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Little Women, The Space – Review

Pros: A vivid and joyful updating of a well-loved family classic.

Cons: About and hour too long and could feel more contemporary.

Pros: A vivid and joyful updating of a well-loved family classic. Cons: About and hour too long and could feel more contemporary. Little Women at The Space in the Isle of Dogs joins the ranks of the many contemporary versions of classic texts in the theatre of recent years. While this is a trend we might be growing weary of, if ever there was a text that deserves a second lease of life and an airing in our current society, it’s Little Women. Alcott’s forward thinking work of proto-feminism puts a family of strong women centre stage, which is refreshing to…

Summary

Rating

Good

A lovely family show for Christmas that reminds us of the importance of our loved ones even though they drive us round the bend.

User Rating: 3.35 ( 3 votes)

Little Women at The Space in the Isle of Dogs joins the ranks of the many contemporary versions of classic texts in the theatre of recent years. While this is a trend we might be growing weary of, if ever there was a text that deserves a second lease of life and an airing in our current society, it’s Little Women. Alcott’s forward thinking work of proto-feminism puts a family of strong women centre stage, which is refreshing to us today and was, at the time of its conception, frankly astonishing. This is celebrated by Space Productions in a piece bursting with irreverent fun.

Writer Rachael Claye’s adaptation remains largely truthful to the original text, with a few fundamental differences necessary to making the story work in a modern setting – such as the removal of Pa March from the play, whose absence, as Claye astutely observes, plays a greater role in the girls’ lives than his presence in the original. Claye takes what is already a fantastic story and makes it relatable for a contemporary audience: the dialogue is lively and engaging and the relationships – the true joy of the original text – translate well to the modern day. She brings out what is timeless about this classic, the reason readers 150 years later still adore the novel: it’s about relationships, about family and about women.

There are, however, a few fundamental issues with the adaptation. First, at the risk of sounding like Jo’s soulless publishers demanding an artistic butchery, the whole thing is far too long. While I understand it is a very long novel, across two volumes, there were many scenes that were superfluous and could have been cut in the interest of the show (which runs for over two and a half hours). It’s really a shame because this is a very entertaining show, which should leave the audience wanting more, rather than shuffling on their seats and looking at their watches worrying about their journey home. There also seem to be a few fundamental holes in the modernisation, where they can’t quite figure how to make an element of the text work in a modern setting. There is huge ambiguity over Beth’s illness and what it is that, in this day and age, could carry off a 19 year old woman without ever being explained or resolved.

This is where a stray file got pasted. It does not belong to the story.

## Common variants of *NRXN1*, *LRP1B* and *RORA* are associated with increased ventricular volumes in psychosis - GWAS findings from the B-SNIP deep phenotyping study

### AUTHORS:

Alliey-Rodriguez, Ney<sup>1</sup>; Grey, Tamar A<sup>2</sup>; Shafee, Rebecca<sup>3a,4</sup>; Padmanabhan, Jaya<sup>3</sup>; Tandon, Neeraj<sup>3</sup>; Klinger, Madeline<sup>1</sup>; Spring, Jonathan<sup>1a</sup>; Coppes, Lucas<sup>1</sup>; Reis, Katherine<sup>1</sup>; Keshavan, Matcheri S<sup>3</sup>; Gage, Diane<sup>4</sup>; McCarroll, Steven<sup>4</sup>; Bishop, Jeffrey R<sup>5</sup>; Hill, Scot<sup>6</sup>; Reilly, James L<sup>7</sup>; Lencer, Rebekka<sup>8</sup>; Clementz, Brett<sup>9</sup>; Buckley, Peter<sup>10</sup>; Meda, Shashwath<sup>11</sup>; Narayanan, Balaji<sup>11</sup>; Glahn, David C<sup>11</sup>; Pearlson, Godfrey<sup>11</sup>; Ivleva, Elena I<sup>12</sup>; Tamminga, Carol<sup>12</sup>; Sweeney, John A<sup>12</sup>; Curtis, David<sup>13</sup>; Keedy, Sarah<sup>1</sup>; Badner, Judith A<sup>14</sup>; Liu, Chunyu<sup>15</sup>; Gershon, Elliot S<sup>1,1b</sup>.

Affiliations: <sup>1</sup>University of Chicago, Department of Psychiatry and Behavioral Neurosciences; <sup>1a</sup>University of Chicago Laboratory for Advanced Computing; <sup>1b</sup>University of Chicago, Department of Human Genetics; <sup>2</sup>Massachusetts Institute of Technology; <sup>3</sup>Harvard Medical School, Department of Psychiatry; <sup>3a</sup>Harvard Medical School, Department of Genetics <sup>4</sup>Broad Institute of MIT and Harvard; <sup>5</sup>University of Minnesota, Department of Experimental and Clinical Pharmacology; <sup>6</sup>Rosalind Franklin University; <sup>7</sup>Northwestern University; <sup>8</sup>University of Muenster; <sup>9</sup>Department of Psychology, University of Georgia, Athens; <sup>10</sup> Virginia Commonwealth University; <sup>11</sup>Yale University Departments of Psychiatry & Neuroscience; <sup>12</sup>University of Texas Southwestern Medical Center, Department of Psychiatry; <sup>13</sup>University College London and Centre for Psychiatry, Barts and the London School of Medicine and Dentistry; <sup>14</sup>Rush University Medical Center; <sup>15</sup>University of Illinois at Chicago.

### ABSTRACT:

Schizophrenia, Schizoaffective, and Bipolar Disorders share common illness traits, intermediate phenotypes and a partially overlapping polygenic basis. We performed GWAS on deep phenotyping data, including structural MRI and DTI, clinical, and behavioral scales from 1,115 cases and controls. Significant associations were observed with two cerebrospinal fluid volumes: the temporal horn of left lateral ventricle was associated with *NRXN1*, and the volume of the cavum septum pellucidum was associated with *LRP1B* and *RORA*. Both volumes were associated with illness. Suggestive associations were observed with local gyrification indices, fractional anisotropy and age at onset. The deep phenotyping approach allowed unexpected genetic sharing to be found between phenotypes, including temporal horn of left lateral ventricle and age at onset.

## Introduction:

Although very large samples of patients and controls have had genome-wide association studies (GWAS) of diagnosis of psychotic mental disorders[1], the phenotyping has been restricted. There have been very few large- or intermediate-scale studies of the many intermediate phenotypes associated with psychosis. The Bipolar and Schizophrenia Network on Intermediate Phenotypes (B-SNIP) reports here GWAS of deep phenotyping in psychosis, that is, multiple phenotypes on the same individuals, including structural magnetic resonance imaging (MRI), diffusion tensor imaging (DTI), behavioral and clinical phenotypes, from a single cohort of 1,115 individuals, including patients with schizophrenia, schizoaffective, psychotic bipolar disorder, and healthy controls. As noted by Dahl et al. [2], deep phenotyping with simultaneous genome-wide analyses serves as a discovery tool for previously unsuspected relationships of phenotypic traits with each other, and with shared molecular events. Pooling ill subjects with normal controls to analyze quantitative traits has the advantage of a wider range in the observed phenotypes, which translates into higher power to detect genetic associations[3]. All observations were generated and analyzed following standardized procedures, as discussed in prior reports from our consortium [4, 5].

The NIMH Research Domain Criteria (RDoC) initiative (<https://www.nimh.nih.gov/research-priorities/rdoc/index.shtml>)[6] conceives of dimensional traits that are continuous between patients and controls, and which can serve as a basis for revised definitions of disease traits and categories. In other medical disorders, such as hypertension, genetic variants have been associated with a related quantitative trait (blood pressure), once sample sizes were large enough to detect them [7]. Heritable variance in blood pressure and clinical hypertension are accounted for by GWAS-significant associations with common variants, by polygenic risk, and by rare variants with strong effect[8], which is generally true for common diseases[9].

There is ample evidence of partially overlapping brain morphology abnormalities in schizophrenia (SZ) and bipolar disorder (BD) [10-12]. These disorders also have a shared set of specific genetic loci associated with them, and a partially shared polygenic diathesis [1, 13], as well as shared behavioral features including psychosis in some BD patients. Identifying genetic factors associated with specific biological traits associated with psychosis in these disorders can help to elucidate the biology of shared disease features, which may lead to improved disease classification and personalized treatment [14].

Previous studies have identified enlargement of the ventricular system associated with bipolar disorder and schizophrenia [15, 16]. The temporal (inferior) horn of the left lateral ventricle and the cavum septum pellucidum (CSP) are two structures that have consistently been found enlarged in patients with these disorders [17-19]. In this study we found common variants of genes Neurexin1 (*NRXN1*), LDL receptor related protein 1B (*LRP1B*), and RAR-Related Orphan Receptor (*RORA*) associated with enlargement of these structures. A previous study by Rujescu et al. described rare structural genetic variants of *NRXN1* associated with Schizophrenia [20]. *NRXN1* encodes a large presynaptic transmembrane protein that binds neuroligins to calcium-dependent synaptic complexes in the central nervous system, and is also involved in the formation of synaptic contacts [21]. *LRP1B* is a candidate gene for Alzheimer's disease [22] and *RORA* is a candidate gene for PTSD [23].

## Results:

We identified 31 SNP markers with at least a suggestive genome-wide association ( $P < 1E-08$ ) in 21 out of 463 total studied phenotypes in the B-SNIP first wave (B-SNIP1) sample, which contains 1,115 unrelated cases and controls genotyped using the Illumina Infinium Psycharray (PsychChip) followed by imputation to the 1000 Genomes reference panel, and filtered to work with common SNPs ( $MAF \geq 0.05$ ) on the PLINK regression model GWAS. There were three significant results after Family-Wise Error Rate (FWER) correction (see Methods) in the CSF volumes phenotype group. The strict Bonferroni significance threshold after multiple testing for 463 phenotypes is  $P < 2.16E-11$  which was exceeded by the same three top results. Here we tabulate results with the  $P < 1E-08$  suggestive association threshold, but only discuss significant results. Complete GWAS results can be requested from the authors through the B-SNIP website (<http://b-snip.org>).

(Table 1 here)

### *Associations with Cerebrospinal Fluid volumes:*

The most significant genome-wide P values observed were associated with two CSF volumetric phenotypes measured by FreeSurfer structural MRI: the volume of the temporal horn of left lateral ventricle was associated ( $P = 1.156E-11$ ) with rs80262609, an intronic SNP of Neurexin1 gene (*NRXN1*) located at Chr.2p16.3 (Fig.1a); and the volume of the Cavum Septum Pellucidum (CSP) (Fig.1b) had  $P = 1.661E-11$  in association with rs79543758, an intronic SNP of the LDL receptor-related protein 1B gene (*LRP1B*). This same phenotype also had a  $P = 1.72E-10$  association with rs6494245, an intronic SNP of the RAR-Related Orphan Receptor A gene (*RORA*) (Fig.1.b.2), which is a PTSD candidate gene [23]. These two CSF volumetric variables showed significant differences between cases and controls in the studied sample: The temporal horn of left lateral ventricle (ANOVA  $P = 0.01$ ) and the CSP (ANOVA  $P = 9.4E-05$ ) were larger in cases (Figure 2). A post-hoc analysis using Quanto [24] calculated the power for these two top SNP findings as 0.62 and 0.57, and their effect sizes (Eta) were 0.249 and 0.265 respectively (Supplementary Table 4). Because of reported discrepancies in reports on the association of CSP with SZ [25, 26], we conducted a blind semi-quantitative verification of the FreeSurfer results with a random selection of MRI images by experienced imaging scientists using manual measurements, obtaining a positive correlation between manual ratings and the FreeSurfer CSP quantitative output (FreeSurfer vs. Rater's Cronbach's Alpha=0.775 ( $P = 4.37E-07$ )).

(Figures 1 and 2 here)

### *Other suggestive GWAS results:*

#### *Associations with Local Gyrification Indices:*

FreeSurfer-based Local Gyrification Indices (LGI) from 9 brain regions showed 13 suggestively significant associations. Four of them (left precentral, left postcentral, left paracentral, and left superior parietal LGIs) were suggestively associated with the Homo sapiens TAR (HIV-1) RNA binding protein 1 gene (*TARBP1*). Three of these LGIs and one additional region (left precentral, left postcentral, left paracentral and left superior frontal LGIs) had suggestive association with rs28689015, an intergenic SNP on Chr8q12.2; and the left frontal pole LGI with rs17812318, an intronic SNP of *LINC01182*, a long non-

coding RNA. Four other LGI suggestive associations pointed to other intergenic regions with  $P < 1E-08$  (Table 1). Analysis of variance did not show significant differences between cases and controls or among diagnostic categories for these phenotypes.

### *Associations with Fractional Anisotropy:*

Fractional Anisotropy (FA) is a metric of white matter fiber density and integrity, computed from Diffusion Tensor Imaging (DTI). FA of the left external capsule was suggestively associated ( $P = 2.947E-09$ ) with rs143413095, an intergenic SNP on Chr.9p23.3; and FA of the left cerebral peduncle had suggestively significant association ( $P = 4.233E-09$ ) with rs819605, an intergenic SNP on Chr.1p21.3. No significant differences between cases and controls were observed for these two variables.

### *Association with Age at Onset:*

Little things like Jo’s insistence on using a typewriter, and the absence of technology as a whole, leaves the whole thing feeling rather quaint and still like watching a period piece. The young women’s interests, revulsion at alcohol and parties, and manner of speaking all means that these just aren’t believable as modern day teens. Some of the performances perpetuate this – Stephanie Dickson as Amy pitches the character far too young for a woman apparently applying to art college. None of this means, however, that the show isn’t entertaining to watch: it’s fun, uncomplicated, and easy to get carried along with.

This is a lively and enthusiastic company whose joy is infectious to watch. This is immediately established in the opening, as the audience file in, as the girls playfully deck the halls for Christmas. The acting, however, is a little mixed. Many of the performances feel a little over the top, particularly in the modern setting. I could see that these were attempts at characterisation and character definition, but unfortunately it often comes across as actors playing stereotypes. Miranda Horn as Beth stands out from the crowd with a very sensitive portrayal: her heart-wrenching death scene, an iconic moment of tragedy in the text, leaves hardly a dry eye in the house.

For all the difficulties of bringing a Victorian story to the twenty-first century, this is a highly enjoyable, entertaining show that has all the ups and downs, laughter and tears of the original. Space Productions have taken a classic with a story that we can all relate to in sometimes painful profundity and brought it up to date and back on our radar and for that they should be applauded. This is an uplifting family show for Christmas that reminds us of the value of family, and the importance of those bonds even when they’re at their most vexing.

Playwright/ Adapted by: Rachael Claye
Original Author: Louisa May Alcott
Director: Sepy Baghaei
Box Office: 0207 515 7799
Booking Link: https://space.org.uk/event-booking/?event=littlewomen
Booking until: 22nd December 2018

 

About Rachael Sparkes

Rachael Sparkes
Rachael is a young actress who recently finished training at East 15 Acting school. Prior to her masters in acting Rachael studied English Literature at Sussex University. Rachael began reviewing theatre as a way to combine her love of writing with her love of theatre.